Flood Of Desperate Refugees Tests Spaniards' Tolerance : Parallels Arab and African migrants are landing on Spain's coast in a region with a 34 percent unemployment. That's created friction and prompted a debate about how best to help them.
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Flood Of Desperate Refugees Tests Spaniards' Tolerance

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Flood Of Desperate Refugees Tests Spaniards' Tolerance

Flood Of Desperate Refugees Tests Spaniards' Tolerance

Flood Of Desperate Refugees Tests Spaniards' Tolerance

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  • <iframe src="https://www.npr.org/player/embed/402035778/402159969" width="100%" height="290" frameborder="0" scrolling="no" title="NPR embedded audio player">
  • Transcript

Migrants wait to disembark at the Catania harbor in southern Italy on April 24. In recent weeks, hundreds of migrants leaving Libya have drowned trying to cross the Mediterranean Sea to European countries, including Italy, Spain and Greece. Alessandra Tarantino/AP hide caption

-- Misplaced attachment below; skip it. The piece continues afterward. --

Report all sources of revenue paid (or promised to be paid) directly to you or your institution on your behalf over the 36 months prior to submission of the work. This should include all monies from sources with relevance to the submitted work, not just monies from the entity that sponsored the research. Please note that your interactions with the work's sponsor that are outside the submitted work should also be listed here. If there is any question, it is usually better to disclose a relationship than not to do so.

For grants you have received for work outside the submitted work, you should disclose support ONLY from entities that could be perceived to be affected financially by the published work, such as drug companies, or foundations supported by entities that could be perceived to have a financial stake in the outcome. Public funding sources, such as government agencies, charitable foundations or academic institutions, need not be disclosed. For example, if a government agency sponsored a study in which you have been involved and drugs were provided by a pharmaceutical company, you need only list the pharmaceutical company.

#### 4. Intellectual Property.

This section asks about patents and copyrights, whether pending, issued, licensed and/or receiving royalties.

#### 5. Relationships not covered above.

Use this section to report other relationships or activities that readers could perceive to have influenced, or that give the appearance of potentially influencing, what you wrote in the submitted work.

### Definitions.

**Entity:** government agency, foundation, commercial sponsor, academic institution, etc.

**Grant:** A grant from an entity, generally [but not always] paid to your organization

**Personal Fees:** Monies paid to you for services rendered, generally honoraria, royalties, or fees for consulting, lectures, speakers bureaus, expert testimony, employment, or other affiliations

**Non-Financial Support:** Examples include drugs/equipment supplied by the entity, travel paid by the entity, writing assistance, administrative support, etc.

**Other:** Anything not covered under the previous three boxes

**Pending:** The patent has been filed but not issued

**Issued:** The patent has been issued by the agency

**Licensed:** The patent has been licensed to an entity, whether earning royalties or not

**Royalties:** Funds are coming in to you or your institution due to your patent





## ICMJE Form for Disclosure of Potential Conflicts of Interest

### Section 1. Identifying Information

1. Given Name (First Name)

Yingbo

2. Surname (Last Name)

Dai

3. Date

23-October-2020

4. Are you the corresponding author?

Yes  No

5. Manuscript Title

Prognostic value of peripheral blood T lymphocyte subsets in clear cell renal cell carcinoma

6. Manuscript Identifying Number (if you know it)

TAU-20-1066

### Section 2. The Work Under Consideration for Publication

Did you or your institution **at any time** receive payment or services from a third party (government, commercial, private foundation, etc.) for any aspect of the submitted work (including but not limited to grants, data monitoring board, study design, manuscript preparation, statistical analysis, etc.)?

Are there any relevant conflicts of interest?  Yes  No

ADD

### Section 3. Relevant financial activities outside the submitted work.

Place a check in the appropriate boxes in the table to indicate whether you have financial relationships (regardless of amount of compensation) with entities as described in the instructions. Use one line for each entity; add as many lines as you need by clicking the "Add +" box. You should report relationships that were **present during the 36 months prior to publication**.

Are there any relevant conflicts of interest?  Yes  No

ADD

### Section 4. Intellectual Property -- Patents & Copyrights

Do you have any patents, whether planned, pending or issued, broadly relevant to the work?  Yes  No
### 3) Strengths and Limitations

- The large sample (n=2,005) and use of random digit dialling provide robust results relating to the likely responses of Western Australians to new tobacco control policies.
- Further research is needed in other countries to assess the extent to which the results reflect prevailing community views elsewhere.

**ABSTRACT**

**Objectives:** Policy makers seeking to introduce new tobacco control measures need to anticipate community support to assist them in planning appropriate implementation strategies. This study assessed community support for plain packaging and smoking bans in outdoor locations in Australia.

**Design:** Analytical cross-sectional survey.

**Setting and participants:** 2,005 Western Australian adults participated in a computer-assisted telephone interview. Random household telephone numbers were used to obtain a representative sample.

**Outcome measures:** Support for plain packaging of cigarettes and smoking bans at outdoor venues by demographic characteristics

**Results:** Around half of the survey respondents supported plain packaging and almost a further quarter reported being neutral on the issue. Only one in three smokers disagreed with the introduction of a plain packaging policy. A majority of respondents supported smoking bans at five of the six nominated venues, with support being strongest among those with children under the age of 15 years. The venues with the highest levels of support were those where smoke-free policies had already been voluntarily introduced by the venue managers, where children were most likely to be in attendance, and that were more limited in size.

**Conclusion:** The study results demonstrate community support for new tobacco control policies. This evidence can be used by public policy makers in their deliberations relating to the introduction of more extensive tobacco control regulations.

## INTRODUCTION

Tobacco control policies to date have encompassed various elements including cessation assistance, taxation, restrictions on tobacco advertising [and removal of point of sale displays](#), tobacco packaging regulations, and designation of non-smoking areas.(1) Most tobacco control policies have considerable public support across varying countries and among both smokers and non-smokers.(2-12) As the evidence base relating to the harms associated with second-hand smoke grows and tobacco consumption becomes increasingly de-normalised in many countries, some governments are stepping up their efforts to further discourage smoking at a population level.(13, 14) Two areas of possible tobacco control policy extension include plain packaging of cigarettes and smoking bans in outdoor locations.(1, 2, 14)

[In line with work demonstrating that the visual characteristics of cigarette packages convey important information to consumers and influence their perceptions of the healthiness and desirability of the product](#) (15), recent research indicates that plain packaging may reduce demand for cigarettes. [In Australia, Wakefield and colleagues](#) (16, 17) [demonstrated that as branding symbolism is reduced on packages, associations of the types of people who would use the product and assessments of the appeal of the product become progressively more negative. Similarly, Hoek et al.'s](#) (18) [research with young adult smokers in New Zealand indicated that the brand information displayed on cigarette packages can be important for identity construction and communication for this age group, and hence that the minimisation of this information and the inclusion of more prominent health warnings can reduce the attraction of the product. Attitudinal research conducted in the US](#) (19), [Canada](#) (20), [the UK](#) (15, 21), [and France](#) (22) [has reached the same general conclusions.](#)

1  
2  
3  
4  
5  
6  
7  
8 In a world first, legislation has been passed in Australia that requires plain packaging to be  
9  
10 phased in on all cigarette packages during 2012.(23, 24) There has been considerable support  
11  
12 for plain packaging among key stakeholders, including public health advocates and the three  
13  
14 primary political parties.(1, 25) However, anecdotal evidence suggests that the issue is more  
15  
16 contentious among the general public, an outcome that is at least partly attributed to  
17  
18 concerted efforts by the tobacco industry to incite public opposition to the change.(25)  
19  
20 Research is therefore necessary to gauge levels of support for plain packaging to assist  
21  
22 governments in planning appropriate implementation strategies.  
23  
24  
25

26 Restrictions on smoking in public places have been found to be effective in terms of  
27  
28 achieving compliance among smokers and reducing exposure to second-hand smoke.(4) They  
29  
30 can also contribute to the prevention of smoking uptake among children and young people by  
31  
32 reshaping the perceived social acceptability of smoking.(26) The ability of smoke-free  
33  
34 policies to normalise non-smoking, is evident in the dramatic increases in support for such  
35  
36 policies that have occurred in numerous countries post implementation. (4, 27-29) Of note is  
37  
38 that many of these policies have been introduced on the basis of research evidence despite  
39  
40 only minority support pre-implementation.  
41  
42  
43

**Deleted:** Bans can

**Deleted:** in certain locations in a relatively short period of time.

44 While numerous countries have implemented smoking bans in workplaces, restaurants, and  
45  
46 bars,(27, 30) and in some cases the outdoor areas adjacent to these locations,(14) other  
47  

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Alessandra Tarantino/AP

Migrants wait to disembark at the Catania harbor in southern Italy on April 24. In recent weeks, hundreds of migrants leaving Libya have drowned trying to cross the Mediterranean Sea to European countries, including Italy, Spain and Greece.

Alessandra Tarantino/AP

Pepe Guerrero is a doorman at a high-rise building in Malaga, on Spain's Mediterranean coast. From his post he looks out at the turquoise blue waters — where hundreds of Arab and African migrants have drowned in recent weeks.

"They're people — human beings like us," he says. "Searching for a better life."

But Guerrero says he's divided. He says his heart goes out to those fleeing war and poverty, but he also worries about whether the local economy can absorb them. The jobless rate in the Andalusia region of southern Spain is 34 percent.

"It's so high, the unemployment rate," Guerrero says. "Spaniards themselves are migrating abroad because they can't find work."

Unlike northern Europeans, Spaniards have more experience with emigrating than receiving immigrants from abroad.

Spain is still relatively homogenous — white and Catholic. An economic boom in the early 2000s brought an influx of immigrants, mostly Latin Americans, to work in sectors like construction, but then the Spanish economy collapsed — and some began to see the newcomers as a burden on society.